- Take regular breaks. Set periods in the morning and at night when you aren’t connected, and take regular hiatuses from the platform when necessary. You can also mute words and phrases to protect yourself from content you don’t want to see.
4. How to proactively deal with author envy
Envy is an issue that many authors deal with, especially when scrolling through social media. Authors Grace Talusan and Patrice Gopo shared their tips for releasing yourself from the clutches of the green-eyed monster and dealing with envy in the writing world. By freeing yourself from this envy, you’ll free up more of your brain space for writing and promotion!
Step 1: Acknowledge the existence of author envy. First, it’s important to acknowledge the existence of the green-eyed monster. Develop awareness of your particular response to jealousy, and figure out what exactly sets you off. Make a list and begin to recognize what (and what doesn’t) cause you to feel envy. This will be different for everyone!
Step 2: Move away from whatever triggers the envy. Take a break from social media, or use the “mute” or “snooze” features. You may even want to take a break from connecting with certain writers or reading their work. Grieve your losses rather than pretending they don’t exist, and don’t condemn yourself for your envious thoughts. Do something that makes you feel joy or reminds you of your strengths. Also, remember that you are loved!
Step 3: Outsmart your envy. Dedicate yourself to honing your craft, and practice writing so your work is as strong as possible, and so you feel proud of it. Celebrate your successes rather than waiting for others to celebrate them. Acknowledge all the ways, big and small, that you’re accomplishing your writing goals. Journaling exercises can help you reconnect with yourself and why you write. It may also help to find inspirational quotes to help you focus on why you write.
Step 4: Disarm your envy. Cultivate a spirit of willingness to help others, and celebrate other authors’ success. When you’re aware that you’re feeling envious, try to reframe your thoughts before you go down a painful path. Remind yourself that you’re doing the best you can.
Step 5: Find the root cause of your envy. Once you’re ready, explore the causes for your envy with trusted friends (writers or non-writers), a therapist, or a support group. Recognize that sometimes, author envy may have nothing to do with writing or another writer, but stems from disappointments and pain earlier in life. Remember to focus on your unique journey!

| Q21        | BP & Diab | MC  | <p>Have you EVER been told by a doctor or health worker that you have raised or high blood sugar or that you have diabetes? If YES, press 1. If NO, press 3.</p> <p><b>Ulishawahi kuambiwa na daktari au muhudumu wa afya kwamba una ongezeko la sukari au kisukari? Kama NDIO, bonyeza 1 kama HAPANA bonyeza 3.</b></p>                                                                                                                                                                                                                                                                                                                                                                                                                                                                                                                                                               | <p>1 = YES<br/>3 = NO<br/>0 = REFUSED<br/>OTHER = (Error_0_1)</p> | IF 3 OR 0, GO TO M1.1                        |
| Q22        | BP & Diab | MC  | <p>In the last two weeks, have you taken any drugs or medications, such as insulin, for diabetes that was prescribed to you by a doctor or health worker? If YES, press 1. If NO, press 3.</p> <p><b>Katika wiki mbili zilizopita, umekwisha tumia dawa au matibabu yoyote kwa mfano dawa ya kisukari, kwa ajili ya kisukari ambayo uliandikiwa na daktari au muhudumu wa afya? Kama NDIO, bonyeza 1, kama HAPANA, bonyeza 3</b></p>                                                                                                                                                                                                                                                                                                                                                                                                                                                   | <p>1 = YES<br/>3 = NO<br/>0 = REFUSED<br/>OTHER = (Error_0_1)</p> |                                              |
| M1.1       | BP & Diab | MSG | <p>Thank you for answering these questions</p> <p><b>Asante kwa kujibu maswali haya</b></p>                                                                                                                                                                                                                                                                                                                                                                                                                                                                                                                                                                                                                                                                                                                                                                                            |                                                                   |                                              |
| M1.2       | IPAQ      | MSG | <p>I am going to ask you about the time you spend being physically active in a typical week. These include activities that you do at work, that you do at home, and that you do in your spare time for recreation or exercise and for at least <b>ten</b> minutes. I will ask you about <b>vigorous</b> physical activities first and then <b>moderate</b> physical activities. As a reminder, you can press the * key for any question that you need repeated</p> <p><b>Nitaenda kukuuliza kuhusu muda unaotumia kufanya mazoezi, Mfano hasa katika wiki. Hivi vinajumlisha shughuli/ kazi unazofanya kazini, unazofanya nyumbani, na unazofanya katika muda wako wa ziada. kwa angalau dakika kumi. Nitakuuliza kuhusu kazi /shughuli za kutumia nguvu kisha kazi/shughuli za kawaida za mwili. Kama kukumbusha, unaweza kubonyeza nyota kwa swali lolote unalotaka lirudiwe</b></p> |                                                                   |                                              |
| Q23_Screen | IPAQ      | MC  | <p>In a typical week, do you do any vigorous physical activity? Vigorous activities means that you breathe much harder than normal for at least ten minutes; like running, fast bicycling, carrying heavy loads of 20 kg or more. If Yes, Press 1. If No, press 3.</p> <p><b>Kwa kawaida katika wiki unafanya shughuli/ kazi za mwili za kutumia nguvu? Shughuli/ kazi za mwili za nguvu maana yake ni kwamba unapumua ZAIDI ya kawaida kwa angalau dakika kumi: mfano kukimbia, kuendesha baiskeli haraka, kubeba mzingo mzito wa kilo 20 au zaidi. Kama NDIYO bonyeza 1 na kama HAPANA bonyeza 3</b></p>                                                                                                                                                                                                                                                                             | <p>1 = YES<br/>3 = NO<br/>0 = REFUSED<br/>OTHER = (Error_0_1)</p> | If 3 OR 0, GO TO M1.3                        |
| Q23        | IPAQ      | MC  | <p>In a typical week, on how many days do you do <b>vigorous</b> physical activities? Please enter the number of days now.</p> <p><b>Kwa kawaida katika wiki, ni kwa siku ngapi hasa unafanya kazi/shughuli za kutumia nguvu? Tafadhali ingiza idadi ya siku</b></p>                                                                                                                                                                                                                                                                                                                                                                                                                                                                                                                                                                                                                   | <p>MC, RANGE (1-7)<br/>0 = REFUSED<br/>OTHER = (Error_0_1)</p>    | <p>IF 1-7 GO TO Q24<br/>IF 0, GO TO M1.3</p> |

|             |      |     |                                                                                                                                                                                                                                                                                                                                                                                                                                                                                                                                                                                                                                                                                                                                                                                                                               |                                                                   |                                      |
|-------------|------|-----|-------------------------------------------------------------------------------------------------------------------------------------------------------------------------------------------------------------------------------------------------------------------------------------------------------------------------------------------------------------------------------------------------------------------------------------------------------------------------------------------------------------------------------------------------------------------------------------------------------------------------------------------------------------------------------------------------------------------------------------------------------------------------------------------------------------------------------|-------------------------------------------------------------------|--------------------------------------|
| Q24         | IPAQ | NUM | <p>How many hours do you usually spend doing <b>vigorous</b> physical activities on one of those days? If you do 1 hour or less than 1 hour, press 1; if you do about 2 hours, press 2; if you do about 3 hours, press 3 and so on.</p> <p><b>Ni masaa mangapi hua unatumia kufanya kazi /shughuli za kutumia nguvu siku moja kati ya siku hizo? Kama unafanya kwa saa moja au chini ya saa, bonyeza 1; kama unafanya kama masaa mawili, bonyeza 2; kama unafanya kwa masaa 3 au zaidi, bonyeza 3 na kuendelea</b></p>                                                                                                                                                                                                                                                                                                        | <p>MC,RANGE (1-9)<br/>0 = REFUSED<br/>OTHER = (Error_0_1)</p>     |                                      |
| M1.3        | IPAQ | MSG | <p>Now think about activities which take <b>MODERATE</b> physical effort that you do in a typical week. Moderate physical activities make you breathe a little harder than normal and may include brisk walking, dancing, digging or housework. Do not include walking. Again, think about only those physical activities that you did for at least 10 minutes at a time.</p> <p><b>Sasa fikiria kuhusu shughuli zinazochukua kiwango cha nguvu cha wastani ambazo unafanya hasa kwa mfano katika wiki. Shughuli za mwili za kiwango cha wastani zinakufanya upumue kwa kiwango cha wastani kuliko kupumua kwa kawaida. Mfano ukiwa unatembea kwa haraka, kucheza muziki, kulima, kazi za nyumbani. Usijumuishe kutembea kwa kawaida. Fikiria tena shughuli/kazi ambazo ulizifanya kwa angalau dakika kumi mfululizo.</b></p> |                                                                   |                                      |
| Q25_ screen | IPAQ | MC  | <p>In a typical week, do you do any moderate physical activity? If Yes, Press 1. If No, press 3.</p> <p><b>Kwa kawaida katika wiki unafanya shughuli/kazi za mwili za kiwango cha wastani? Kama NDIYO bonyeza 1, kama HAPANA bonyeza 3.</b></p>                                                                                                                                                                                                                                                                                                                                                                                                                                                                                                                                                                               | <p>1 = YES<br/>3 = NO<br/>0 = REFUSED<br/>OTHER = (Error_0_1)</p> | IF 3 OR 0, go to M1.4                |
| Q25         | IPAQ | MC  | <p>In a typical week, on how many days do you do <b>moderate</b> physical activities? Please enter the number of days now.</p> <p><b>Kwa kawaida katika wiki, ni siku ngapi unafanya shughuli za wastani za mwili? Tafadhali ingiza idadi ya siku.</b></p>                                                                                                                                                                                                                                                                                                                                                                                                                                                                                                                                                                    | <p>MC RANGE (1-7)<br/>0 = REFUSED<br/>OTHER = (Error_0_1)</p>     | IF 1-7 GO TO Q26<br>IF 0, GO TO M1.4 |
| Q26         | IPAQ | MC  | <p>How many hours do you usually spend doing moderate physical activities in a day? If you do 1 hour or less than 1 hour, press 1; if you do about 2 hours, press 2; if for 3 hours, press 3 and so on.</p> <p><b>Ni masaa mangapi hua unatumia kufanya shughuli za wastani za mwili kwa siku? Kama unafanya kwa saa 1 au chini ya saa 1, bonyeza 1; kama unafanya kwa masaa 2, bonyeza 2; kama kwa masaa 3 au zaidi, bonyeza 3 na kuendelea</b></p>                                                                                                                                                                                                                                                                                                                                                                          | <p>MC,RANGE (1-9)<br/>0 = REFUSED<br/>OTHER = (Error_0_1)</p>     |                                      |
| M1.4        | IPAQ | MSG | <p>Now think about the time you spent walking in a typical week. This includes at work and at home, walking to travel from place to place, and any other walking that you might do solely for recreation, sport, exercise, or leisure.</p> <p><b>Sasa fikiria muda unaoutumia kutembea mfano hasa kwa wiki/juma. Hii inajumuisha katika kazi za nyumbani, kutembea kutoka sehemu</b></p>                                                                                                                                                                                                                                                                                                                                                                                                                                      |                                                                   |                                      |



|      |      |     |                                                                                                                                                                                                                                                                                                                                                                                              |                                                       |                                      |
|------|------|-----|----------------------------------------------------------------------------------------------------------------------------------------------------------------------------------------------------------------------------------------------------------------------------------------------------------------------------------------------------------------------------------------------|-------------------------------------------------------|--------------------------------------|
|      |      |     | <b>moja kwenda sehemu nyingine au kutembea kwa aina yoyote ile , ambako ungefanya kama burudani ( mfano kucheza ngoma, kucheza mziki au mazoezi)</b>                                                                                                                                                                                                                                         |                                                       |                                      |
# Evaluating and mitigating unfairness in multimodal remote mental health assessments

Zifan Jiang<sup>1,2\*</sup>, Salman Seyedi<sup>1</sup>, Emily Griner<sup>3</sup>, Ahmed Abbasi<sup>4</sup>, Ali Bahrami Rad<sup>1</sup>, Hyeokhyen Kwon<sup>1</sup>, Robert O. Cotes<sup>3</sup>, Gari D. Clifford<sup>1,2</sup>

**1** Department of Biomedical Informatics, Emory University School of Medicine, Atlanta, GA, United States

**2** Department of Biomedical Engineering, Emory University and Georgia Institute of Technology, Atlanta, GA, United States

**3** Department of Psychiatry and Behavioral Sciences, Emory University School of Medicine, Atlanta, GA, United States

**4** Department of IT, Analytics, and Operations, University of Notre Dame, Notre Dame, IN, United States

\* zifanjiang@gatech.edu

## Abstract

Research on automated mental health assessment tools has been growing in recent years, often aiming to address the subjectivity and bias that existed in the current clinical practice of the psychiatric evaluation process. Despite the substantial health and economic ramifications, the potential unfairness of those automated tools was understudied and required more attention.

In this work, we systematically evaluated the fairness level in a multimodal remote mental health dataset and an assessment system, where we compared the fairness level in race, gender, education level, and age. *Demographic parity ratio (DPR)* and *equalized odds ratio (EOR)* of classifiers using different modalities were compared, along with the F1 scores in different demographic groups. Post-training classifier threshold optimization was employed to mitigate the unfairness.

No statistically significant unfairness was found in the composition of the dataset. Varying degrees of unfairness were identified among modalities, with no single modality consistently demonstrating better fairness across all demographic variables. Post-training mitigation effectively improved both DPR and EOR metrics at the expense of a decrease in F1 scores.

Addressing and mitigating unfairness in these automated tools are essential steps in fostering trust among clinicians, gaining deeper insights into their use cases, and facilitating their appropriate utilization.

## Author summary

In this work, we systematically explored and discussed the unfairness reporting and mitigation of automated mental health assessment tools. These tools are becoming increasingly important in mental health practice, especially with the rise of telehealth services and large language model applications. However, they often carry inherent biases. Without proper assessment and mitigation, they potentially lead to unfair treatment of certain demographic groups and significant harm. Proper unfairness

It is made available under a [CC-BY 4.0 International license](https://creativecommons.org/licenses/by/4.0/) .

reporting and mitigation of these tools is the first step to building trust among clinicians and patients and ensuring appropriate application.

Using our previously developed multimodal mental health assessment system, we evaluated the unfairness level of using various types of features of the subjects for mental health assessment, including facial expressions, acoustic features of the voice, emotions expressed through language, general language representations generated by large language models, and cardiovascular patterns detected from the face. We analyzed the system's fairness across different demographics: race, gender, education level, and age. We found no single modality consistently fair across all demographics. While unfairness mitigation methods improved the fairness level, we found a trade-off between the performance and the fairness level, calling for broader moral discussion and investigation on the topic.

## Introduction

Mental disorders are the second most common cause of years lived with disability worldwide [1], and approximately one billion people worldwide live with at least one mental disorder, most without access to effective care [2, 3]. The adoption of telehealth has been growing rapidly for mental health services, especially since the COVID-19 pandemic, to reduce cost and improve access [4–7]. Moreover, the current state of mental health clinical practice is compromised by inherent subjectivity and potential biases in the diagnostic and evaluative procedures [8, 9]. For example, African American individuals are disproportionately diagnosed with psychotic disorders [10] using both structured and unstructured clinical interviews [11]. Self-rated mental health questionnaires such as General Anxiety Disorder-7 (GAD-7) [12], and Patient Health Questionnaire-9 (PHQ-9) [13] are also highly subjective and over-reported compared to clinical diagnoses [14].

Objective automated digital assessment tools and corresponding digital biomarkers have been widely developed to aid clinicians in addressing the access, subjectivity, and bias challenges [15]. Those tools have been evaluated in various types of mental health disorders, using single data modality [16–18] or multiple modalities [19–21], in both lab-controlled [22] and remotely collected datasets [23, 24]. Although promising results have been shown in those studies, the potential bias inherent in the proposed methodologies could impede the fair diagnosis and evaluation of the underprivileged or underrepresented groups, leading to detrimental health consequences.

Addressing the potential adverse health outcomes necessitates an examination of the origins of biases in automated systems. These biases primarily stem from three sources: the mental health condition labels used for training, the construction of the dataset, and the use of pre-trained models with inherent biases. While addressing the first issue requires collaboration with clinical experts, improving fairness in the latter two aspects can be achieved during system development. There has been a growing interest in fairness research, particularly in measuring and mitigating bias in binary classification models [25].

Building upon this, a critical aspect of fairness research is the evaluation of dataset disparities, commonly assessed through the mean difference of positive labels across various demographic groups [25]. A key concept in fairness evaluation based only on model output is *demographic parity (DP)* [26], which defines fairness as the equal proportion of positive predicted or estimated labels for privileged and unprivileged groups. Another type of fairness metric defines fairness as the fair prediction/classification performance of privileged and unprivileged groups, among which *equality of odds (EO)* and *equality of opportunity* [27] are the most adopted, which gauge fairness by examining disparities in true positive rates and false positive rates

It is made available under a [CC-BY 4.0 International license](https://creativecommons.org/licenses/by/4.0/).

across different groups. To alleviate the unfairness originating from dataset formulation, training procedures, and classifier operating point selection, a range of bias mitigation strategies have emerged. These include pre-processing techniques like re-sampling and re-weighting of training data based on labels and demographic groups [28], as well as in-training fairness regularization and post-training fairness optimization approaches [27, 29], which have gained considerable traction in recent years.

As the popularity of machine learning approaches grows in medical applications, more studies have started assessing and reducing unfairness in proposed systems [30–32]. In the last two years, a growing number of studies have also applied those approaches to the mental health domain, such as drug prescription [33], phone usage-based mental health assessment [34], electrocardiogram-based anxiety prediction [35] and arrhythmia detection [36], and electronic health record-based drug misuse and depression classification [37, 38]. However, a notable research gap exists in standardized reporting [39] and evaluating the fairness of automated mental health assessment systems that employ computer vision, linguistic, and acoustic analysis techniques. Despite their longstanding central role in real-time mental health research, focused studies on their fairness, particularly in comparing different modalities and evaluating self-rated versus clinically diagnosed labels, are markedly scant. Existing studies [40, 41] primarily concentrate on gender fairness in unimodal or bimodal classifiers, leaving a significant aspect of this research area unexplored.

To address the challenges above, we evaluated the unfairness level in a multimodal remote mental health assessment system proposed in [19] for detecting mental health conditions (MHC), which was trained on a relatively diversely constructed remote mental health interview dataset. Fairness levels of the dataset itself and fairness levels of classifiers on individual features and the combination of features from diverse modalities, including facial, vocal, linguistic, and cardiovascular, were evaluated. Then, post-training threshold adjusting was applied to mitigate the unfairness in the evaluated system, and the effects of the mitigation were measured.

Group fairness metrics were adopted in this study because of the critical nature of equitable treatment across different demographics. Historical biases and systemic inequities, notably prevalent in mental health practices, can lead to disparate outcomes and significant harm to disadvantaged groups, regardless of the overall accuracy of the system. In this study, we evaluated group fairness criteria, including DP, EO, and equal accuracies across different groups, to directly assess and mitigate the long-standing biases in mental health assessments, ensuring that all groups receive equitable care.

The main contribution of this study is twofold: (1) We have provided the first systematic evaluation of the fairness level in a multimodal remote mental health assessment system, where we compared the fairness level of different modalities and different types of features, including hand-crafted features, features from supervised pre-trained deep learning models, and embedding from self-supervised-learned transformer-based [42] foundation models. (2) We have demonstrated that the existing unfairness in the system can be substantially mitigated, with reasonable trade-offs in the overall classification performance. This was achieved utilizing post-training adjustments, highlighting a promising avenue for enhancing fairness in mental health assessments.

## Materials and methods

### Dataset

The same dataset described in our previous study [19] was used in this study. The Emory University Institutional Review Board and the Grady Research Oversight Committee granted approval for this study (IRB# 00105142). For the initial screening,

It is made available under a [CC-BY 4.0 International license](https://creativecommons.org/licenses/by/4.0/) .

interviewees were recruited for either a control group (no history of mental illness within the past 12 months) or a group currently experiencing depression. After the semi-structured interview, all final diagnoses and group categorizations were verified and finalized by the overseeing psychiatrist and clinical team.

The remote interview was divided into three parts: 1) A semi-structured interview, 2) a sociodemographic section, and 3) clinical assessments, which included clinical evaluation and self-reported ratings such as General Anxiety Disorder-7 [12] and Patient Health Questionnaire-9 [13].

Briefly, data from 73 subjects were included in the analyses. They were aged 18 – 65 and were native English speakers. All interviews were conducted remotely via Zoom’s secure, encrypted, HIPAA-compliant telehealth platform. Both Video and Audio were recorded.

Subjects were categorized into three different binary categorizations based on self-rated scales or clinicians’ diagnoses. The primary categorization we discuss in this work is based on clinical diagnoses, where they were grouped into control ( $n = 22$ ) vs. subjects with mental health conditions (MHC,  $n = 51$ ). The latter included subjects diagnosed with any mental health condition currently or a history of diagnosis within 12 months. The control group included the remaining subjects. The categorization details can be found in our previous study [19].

5. How to build relationships with booksellers
From hosting events to stocking shelves, booksellers are an author’s front-line sales team. They often hand-sell books they love, and can recommend yours to their customers. So it’s important to foster genuine relationships with these booksellers, and find ways to help them help you. Author Leah DeCasare and Grub Street instructor Allison Hoch shared several ways to build these relationships:
- Attend author events. Post pictures and content from these events on social media. Being part of the literary community means that bookstores and sellers know of you.
- Join local literary groups. Moderate panels, attend events, and get involved in any way you can.
- Engage with booksellers on social media. Share and like posts from booksellers, and join the conversation.
- Research bookstores to reach out to. Find the stores in and around your community. Scope out their calendar and see if they’re a fit for your content.
- Mail postcards or handwritten notes. Whether you have a book coming out you want all the local stores to know about, or you’re traveling to a different city, a handwritten note can make a world of difference.
- Bring a press kit. When you go into a bookstore to meet a bookseller, have a press kit on hand to leave with them, so they can review it later.
6. How to prepare for your bookstore events
Once you’ve set up an event at a bookstore, it’s time to prepare! Planning ahead of time will help make the event as successful as possible, and cut down on event-day stress. Here were some tips Leah and Allison offered for preparing for a bookstore event.
To get more people to attend your event:
- Discuss recruiting other authors to bring a bigger audience.
- Ask the store about their marketing plan and see where you can potentially fill in the gaps — you don’t want to duplicate their efforts.
- Actively invite local people (friends, family, coworkers) and fans.
- Promote on your platforms early and often with links to the bookstore’s website or IndieBound to boost sales and preorders.
- Include the bookstore name, city, and date in graphics or book tour listings. Tag the bookstore in your posts.
- Work with your publicist (if you have one) on media coverage leading up to your event.
To prepare for the event:
- Check in with the venue the week before the event to make sure you have what you need; projectors, AV equipment, a mic, etc.
- Confirm any details for the event format, e.g. how much time do you have to speak before signing?
- If you’re going to read, time ahead and know how long it takes to read certain passages. Mark readings of different lengths in a copy of your book.
- If you’d rather not read an excerpt from the book, consider reading a short story instead. Attendees will become familiar with your work — and also get closure during the event!
- Keep reading time to a minimum. Focus more on interacting and telling stories, or doing a Q&A with another authors.